Credit: European Parliament / Wikipedia / CC BY 2.0

DBS: Sinn Féin’s poor performance poses questions

File Image: Lynn Boylan debating in the EU Photo Credit: EU Parl CC licence

There were all sorts of rumours and speculation as the polls closed in the Dublin Bay South bye-election. The slightly higher turnout in Ringsend and Pearse Street as compared to the places where people dress up for dinner, apparently, had some pundits predicting that Lynn Boylan of Sinn Féin was going to emulate Mark Ward in Dublin Mid West.

Sinn Féin had certainly invested huge resources into the campaign, bringing all available recognisable faces in as part of an intensive flooding of parts of the constituency they believed would provide them with a sufficient platform to take the seat.

This expectation was further added to when the first boxes showed Boylan heading the poll by quite a distance. This led the younger element in Sinn Féin to take time off tweeting their favourite Marxist monsters to celebrate what it must seemed to them to have been the beginnings of a Castro-like landslide.


Alas, if only the count had stopped after a tenth of the votes had been tallied. Such things may, of course, be difficult to grasp on the part of persons who in some cases still think that Sinn Féin won the last general election with 24.5% of the vote. It’s just not fair, so it’s not. Anyway, if all keeps fine someday, like their heroes in Havana and Beijing, the only elections will be among themselves.

Sinn Féin will pretend now of course that it was a good result and that many people chose Ivana in preference to them because they are “posh” and that Labour says the same things more or less as the Shinners anyway. Just without the Scottish soccer tops.

So like when they got thrashed by Michael D. in the Presidential elections they can claim some vicarious part in the victory of another candidate who let’s face it could be in the Shinners and probably would be had she been born a few years later. It is of course also true that Labour’s dreadful record in government and almost complete non existence in working-class parts of Dublin will mean that Sinn Féin is still best placed to be top of the Woke polls in the next general election.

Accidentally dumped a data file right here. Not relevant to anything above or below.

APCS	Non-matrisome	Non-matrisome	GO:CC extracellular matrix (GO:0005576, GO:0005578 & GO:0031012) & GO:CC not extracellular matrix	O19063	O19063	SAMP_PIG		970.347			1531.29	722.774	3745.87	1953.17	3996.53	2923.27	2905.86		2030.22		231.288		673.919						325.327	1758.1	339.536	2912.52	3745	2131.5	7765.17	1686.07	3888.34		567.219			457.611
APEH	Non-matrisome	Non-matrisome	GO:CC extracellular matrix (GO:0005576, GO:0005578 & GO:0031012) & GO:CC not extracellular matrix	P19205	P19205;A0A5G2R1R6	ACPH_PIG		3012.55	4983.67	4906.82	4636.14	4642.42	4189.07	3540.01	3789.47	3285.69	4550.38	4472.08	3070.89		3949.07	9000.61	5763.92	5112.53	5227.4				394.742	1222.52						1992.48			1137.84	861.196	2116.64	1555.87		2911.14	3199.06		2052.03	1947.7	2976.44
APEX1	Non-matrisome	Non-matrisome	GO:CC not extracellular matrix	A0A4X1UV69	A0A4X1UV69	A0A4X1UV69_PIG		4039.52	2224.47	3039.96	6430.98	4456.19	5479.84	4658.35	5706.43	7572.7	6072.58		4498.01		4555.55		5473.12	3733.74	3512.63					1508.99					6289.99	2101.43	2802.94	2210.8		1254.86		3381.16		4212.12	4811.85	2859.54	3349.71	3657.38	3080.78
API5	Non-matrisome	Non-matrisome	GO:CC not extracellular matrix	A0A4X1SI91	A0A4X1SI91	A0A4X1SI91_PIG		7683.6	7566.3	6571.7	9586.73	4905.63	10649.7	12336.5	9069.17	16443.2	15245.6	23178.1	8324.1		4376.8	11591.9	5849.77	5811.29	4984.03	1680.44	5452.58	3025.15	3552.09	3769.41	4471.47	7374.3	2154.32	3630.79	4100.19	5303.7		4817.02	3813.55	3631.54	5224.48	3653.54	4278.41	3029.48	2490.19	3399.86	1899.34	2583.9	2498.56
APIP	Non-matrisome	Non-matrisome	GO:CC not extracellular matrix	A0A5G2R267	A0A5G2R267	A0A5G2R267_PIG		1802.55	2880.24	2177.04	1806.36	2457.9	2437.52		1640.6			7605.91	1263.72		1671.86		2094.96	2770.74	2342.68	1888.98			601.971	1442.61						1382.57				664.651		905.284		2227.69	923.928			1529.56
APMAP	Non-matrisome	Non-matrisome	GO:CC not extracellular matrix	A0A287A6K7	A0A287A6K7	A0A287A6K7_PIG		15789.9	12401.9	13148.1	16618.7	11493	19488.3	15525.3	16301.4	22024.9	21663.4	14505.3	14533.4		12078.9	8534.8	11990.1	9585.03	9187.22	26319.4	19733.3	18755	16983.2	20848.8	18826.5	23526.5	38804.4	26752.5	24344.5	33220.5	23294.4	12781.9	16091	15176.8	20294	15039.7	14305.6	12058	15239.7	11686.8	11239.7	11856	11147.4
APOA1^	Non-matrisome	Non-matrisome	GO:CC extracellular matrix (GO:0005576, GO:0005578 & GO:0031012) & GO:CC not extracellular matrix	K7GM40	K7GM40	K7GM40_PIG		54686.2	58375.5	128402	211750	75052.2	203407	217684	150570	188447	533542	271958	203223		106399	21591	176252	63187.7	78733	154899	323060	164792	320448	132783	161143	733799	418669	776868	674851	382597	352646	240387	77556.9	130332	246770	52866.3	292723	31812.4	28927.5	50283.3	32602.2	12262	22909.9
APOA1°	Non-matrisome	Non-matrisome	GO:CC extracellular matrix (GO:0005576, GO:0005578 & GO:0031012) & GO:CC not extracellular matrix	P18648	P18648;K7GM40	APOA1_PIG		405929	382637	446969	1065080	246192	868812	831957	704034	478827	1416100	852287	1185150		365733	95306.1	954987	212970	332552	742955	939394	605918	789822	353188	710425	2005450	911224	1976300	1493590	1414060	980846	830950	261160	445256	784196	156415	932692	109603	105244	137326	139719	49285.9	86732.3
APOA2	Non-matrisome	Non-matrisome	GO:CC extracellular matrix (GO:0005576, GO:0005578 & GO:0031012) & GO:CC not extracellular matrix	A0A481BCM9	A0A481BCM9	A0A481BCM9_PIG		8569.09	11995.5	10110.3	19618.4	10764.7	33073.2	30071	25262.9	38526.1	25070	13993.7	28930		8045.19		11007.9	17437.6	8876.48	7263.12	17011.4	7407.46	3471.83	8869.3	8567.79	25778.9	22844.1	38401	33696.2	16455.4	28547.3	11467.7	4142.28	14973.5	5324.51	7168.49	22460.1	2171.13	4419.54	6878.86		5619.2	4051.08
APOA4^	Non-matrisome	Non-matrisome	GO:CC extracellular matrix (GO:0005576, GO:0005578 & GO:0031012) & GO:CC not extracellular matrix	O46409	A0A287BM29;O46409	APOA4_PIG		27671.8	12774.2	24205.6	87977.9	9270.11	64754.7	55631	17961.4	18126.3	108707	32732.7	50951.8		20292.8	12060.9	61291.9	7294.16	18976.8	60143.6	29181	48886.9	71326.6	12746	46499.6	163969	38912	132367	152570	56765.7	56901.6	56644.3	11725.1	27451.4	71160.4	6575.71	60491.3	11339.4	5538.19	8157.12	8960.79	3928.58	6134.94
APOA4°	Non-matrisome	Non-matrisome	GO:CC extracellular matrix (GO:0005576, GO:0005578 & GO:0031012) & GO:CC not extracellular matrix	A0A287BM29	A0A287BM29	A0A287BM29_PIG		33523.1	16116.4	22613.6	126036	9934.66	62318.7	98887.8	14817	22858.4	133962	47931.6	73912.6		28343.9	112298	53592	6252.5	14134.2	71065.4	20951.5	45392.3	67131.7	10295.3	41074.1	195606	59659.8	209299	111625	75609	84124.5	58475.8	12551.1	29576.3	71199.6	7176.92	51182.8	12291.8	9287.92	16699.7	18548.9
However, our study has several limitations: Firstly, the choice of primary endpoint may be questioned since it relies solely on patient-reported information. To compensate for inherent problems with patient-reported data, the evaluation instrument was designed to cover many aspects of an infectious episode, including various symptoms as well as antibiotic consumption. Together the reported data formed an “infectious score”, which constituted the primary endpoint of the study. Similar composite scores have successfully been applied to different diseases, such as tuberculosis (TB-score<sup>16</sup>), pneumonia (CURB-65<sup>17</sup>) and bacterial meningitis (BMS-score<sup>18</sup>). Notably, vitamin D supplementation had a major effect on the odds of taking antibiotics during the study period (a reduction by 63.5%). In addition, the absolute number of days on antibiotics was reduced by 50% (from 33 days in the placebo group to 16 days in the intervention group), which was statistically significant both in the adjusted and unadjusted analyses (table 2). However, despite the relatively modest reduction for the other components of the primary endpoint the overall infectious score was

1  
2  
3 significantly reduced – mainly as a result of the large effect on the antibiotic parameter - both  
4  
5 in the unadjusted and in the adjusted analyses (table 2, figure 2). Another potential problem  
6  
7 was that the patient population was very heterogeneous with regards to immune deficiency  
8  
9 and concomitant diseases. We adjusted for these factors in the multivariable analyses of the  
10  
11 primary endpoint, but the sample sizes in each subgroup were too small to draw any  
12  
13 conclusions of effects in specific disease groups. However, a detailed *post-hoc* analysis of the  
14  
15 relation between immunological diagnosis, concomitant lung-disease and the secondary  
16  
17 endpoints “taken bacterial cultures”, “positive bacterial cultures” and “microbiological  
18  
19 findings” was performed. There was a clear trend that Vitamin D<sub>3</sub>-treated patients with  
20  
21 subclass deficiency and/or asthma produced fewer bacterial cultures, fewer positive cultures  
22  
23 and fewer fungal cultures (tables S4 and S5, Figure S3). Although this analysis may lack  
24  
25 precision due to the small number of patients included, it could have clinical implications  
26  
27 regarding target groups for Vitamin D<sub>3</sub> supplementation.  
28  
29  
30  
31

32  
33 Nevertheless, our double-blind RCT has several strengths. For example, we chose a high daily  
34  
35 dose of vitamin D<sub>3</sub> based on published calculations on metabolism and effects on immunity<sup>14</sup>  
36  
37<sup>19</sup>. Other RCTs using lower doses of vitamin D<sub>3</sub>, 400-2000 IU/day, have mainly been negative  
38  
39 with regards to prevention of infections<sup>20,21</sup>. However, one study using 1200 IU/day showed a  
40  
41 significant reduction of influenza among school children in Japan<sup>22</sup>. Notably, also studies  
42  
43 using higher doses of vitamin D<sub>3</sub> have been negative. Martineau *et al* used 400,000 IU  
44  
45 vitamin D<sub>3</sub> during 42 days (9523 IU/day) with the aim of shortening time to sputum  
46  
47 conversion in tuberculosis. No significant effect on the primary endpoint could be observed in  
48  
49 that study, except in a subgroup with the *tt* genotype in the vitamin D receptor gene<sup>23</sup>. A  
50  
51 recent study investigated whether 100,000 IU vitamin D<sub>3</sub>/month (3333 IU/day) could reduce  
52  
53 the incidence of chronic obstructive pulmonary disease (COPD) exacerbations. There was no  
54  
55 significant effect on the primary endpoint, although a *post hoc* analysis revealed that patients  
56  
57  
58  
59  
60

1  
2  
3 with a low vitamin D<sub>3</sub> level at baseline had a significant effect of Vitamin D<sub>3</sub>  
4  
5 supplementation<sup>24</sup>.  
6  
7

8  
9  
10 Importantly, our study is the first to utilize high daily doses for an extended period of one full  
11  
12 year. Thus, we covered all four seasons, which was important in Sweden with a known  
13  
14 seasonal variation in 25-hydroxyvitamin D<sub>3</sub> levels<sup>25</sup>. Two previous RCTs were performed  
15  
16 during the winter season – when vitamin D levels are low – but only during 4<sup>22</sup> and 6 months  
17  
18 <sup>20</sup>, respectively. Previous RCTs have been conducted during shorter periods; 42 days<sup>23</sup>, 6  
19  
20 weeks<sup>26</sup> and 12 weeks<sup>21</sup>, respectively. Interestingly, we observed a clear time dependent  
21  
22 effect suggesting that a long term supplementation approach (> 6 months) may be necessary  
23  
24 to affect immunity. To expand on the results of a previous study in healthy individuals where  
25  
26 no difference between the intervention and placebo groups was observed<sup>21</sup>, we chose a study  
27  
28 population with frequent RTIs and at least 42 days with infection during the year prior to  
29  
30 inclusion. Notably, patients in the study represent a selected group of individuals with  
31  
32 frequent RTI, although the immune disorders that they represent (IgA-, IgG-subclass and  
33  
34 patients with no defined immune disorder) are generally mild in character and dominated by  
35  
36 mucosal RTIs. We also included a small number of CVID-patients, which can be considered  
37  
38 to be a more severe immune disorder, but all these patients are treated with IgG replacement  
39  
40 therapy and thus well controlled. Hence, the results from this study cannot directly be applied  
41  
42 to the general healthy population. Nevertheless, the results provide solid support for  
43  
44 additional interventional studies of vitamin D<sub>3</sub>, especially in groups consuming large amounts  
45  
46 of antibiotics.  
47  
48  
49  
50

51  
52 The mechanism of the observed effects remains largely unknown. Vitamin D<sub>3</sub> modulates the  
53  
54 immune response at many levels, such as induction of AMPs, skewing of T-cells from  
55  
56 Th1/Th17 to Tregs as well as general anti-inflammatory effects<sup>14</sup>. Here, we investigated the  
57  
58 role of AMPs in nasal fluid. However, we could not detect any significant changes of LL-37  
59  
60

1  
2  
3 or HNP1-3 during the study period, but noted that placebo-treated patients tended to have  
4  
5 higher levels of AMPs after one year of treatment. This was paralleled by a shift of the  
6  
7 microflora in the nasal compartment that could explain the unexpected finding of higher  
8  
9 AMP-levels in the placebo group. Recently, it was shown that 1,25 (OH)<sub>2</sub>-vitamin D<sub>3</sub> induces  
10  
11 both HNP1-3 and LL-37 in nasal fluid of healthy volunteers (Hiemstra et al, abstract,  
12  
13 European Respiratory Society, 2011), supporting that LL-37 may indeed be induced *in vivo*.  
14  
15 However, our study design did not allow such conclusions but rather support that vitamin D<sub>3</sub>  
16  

What ought to be of more concern to them is how badly they did in an election which came at a time that ought to have been perfect for any opposition party with ambitions to power. And yet not only did 2,116 fewer people vote for Sinn Féin than just 18 months ago (their % vote also declined, so turnout is not the reason), but the Fine Gael share of the vote only fell by 1.5%

It rather undermines their claim to be the only viable contender with Fine Gael to be the biggest party of government whenever the next general election is held.

And this on a day when Fianna Fáil, whose dwindling support has contributed greatly to Sinn Féin’s rise, experienced its single worst electoral performance in its entire history, dating back 95 years. Over 4,000 fewer voters plumped for Fianna Fáil than in February 2020, but Sinn Féin abysmally failed to take advantage of this as they have done on other occasions.

There will be much recrimination you can be certain. Many of the old guard have occasionally expressed unease at the headlong embrace by the newer Sinn Féin of ultra-liberalism. That surfaced following the poor election performance in 2007, and again after the disaster of the 2018 Presidential election and the loss of a huge proportion of their vote in the 2019 local and European elections.

The 2020 general elections salved some of that doubt, and the liberal left were again given their head. With the consequence that they have gotten carried away with themselves, as evidenced by their picketing of a Catholic Church recently. If they believe that this does not disturb many people who consider themselves to be republicans, then perhaps they might think again.  Those most likely to be thus impressed by this sort of thing will always choose people like Bacik above Sinn Féin.

The Sinn Féin inquiry will also be focused on how a saturation level campaign coming at a time when the government is staggering from one shambles to the next, actually succeeded in persuading 2,000 former Sinn Féin voters either to vote for someone else, or not to bother voting at all. That, as they say, is the key take away.


Share mdi-share-variant mdi-twitter mdi-facebook mdi-whatsapp mdi-telegram mdi-linkedin mdi-email mdi-printer mdi-chevron-left Prev Next mdi-chevron-right Related
Comments are open

The biggest problem Ireland faces right now is:

View Results

Loading ... Loading ...